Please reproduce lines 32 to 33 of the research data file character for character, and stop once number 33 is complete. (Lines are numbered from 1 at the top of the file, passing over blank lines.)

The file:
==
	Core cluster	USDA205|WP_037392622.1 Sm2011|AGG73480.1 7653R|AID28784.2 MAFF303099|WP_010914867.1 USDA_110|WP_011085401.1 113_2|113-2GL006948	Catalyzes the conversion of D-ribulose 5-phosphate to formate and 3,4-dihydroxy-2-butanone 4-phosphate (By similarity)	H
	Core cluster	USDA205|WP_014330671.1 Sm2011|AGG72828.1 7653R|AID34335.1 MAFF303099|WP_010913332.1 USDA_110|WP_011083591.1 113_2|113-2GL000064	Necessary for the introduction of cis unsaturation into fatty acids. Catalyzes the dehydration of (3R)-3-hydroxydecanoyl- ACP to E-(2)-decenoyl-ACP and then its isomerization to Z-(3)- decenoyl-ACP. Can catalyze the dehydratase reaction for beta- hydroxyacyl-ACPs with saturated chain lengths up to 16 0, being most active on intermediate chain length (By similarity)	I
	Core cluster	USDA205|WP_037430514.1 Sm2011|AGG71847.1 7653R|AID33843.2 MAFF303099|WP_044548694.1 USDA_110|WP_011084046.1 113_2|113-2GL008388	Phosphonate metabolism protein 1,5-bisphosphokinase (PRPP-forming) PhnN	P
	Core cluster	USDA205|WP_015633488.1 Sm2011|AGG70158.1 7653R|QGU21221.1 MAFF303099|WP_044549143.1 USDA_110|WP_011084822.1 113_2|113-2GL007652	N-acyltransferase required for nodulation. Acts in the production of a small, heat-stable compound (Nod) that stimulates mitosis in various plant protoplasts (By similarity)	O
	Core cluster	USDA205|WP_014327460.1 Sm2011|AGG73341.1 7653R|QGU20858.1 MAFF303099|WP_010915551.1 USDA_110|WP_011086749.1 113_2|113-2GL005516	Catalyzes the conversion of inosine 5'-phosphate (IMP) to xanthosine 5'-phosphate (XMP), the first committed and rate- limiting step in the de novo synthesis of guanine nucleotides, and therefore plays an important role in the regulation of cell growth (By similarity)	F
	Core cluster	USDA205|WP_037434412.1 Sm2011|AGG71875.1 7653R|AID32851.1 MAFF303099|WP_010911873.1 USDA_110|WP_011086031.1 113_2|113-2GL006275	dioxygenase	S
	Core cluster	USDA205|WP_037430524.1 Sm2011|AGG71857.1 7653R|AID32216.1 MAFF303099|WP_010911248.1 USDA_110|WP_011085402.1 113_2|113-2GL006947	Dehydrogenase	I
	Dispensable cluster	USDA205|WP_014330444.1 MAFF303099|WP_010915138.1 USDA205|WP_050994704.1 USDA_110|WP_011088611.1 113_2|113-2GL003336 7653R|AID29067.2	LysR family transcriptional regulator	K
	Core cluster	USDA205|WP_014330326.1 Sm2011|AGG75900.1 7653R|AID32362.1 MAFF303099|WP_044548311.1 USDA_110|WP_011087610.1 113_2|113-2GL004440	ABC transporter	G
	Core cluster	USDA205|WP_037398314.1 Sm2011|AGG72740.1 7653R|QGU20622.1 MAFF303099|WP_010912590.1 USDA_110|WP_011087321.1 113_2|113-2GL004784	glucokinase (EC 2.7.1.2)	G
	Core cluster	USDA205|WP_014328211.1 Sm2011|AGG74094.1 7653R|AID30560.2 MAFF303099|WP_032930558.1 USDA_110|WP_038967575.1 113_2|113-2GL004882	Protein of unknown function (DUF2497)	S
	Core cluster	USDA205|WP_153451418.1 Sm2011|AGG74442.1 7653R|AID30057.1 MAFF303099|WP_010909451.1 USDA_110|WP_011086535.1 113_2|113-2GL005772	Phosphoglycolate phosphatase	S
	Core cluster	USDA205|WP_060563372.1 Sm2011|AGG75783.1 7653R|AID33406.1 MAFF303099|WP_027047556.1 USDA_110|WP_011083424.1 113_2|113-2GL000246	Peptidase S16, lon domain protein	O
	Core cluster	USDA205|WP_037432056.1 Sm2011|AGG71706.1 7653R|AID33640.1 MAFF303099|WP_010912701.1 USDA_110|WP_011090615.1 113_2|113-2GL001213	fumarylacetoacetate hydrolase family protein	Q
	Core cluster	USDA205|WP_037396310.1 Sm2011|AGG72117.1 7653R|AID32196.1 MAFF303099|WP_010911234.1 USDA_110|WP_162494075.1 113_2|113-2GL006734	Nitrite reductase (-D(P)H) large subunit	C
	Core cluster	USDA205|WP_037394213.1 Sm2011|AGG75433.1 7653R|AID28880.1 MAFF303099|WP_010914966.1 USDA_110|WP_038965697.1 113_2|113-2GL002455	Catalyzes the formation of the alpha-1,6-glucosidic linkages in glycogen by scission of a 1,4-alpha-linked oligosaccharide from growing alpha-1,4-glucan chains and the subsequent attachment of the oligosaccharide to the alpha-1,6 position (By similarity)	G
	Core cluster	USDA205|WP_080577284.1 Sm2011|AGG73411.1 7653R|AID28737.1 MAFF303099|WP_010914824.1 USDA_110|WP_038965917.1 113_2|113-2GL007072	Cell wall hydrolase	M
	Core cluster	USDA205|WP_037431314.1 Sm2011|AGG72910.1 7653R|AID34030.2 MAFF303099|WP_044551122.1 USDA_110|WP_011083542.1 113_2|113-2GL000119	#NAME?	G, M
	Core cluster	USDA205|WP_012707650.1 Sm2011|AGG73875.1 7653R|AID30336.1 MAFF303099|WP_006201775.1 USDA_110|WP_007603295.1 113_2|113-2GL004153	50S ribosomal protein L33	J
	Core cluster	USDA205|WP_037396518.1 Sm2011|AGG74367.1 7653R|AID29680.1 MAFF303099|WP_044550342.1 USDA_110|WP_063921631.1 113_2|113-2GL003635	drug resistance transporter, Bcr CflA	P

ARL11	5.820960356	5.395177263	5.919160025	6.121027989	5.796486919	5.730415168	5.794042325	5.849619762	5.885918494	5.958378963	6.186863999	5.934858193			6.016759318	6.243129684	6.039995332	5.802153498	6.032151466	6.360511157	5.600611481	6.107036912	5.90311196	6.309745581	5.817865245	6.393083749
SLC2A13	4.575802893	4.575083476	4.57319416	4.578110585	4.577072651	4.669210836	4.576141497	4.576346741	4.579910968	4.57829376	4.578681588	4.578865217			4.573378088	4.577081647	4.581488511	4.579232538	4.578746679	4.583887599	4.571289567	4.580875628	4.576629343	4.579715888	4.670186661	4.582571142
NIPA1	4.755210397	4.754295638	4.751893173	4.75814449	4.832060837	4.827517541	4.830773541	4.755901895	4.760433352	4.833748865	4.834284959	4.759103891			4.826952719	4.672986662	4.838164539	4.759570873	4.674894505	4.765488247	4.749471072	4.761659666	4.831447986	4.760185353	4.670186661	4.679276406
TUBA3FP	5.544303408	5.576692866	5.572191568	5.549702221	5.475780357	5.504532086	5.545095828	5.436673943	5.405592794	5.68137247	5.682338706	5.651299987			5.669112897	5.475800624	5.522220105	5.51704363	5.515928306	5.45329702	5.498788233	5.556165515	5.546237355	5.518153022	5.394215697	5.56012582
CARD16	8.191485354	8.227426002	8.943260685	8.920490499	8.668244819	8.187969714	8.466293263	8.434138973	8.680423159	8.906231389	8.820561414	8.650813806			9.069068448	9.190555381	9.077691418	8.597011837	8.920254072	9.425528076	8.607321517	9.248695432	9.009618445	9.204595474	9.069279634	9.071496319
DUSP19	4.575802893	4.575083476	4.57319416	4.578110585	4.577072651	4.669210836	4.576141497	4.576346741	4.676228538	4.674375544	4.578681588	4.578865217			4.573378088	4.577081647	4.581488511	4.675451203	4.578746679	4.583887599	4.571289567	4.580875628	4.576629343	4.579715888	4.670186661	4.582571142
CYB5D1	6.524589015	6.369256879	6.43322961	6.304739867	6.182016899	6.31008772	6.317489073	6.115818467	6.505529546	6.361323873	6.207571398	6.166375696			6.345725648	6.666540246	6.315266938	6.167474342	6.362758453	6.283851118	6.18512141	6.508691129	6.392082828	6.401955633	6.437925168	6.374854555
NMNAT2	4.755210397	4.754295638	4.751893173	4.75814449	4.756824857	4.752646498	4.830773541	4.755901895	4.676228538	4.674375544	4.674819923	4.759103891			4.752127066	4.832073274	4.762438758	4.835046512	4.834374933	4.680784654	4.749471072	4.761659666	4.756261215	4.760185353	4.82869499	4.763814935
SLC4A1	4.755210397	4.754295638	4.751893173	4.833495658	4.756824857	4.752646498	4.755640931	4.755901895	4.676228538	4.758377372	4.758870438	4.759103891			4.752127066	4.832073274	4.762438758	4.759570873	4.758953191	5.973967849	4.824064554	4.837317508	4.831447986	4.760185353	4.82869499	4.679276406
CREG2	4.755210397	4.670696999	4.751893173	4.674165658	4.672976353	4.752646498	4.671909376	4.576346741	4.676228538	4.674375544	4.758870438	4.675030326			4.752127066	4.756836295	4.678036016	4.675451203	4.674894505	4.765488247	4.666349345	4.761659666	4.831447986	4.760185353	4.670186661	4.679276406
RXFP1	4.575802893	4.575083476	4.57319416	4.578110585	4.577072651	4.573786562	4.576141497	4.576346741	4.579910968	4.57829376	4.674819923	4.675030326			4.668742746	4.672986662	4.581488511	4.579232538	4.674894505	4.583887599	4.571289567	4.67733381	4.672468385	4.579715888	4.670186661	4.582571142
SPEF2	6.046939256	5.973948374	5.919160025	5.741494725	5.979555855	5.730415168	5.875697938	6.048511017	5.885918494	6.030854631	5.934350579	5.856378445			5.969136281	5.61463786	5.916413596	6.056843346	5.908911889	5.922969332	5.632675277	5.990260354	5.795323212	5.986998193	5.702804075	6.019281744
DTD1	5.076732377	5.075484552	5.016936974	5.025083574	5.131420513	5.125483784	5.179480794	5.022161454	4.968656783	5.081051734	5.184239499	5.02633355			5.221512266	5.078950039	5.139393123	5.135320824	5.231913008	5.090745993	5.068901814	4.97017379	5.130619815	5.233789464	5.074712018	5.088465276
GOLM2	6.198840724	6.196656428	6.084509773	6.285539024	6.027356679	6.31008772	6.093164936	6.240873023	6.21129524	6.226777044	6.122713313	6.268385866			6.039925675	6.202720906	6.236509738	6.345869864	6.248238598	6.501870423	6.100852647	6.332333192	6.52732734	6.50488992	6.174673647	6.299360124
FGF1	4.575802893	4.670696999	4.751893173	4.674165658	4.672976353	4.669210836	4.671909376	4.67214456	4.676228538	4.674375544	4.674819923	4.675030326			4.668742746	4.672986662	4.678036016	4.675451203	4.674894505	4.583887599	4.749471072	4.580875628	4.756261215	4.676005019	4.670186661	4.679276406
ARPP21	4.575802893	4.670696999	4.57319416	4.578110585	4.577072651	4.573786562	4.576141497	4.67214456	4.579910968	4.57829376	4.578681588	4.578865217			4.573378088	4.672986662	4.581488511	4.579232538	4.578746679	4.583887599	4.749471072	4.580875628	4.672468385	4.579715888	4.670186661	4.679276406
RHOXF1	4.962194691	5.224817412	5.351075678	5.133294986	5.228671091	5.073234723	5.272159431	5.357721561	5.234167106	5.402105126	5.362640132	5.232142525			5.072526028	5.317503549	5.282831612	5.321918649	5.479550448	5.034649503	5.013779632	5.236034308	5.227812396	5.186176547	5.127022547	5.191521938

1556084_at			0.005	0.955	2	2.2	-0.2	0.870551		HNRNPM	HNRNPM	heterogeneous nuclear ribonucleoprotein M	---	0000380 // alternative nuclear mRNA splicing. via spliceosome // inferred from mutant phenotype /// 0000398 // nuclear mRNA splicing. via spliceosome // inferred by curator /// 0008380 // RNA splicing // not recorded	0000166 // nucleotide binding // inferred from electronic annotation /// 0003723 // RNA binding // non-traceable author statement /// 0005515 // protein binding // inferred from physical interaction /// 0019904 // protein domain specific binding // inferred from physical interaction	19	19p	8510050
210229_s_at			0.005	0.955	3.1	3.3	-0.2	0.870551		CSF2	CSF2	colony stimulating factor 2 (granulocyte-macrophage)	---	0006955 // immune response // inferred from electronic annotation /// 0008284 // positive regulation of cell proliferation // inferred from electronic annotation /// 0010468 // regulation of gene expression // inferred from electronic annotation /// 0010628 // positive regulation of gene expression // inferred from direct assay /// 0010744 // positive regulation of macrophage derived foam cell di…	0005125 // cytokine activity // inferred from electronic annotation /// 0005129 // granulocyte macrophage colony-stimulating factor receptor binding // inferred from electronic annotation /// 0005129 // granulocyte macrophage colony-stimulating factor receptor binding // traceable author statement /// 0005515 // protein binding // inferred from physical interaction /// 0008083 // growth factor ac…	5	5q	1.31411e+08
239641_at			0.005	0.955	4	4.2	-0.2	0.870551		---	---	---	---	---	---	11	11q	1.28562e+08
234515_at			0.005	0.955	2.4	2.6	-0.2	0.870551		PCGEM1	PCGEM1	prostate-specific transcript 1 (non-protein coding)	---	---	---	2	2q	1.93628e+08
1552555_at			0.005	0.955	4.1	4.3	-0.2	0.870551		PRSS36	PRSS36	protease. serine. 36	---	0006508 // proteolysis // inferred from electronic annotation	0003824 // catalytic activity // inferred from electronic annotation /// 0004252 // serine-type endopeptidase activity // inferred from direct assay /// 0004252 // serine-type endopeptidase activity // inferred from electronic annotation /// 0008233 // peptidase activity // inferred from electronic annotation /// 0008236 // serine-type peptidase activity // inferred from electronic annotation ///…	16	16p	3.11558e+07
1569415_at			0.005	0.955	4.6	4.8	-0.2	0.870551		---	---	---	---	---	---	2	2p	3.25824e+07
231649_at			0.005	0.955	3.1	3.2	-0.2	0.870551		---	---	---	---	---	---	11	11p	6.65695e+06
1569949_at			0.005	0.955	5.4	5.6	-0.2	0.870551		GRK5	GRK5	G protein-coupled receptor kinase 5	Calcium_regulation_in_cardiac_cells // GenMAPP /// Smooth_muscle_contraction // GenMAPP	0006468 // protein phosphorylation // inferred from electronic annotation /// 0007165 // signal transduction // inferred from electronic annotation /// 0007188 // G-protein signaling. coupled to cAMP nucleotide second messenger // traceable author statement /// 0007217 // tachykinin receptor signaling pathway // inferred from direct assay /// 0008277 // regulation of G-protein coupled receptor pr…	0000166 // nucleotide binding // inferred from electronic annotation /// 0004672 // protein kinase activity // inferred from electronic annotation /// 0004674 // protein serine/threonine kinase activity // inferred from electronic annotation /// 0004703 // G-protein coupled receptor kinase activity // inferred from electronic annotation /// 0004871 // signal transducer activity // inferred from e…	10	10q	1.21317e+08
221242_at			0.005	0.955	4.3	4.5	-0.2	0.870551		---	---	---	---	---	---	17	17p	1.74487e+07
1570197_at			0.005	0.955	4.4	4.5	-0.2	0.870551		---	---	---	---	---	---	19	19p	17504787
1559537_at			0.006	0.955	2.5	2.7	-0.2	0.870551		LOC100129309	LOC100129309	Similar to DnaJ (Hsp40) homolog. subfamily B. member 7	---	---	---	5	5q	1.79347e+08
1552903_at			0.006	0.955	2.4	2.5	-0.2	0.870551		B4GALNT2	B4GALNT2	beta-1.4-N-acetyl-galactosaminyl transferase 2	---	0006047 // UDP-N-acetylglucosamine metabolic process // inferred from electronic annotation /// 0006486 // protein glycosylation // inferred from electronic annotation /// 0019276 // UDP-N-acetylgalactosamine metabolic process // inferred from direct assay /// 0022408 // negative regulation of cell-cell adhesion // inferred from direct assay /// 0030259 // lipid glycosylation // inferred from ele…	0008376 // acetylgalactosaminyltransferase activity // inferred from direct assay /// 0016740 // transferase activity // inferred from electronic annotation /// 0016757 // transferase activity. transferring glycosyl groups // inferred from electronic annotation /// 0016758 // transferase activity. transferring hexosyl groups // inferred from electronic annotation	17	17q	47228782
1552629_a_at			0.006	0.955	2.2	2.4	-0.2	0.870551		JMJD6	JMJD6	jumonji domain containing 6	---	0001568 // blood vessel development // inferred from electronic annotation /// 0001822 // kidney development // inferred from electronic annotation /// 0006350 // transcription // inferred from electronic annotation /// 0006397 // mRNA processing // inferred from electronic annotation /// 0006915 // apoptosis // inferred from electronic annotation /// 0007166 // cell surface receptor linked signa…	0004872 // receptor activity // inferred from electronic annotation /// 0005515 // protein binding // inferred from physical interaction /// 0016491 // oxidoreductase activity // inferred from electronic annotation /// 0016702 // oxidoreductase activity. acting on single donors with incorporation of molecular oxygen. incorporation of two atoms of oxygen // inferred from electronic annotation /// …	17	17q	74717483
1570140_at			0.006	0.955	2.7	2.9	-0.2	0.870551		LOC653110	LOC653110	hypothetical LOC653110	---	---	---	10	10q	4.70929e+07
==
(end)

SPEF2	6.046939256	5.973948374	5.919160025	5.741494725	5.979555855	5.730415168	5.875697938	6.048511017	5.885918494	6.030854631	5.934350579	5.856378445			5.969136281	5.61463786	5.916413596	6.056843346	5.908911889	5.922969332	5.632675277	5.990260354	5.795323212	5.986998193	5.702804075	6.019281744
DTD1	5.076732377	5.075484552	5.016936974	5.025083574	5.131420513	5.125483784	5.179480794	5.022161454	4.968656783	5.081051734	5.184239499	5.02633355			5.221512266	5.078950039	5.139393123	5.135320824	5.231913008	5.090745993	5.068901814	4.97017379	5.130619815	5.233789464	5.074712018	5.088465276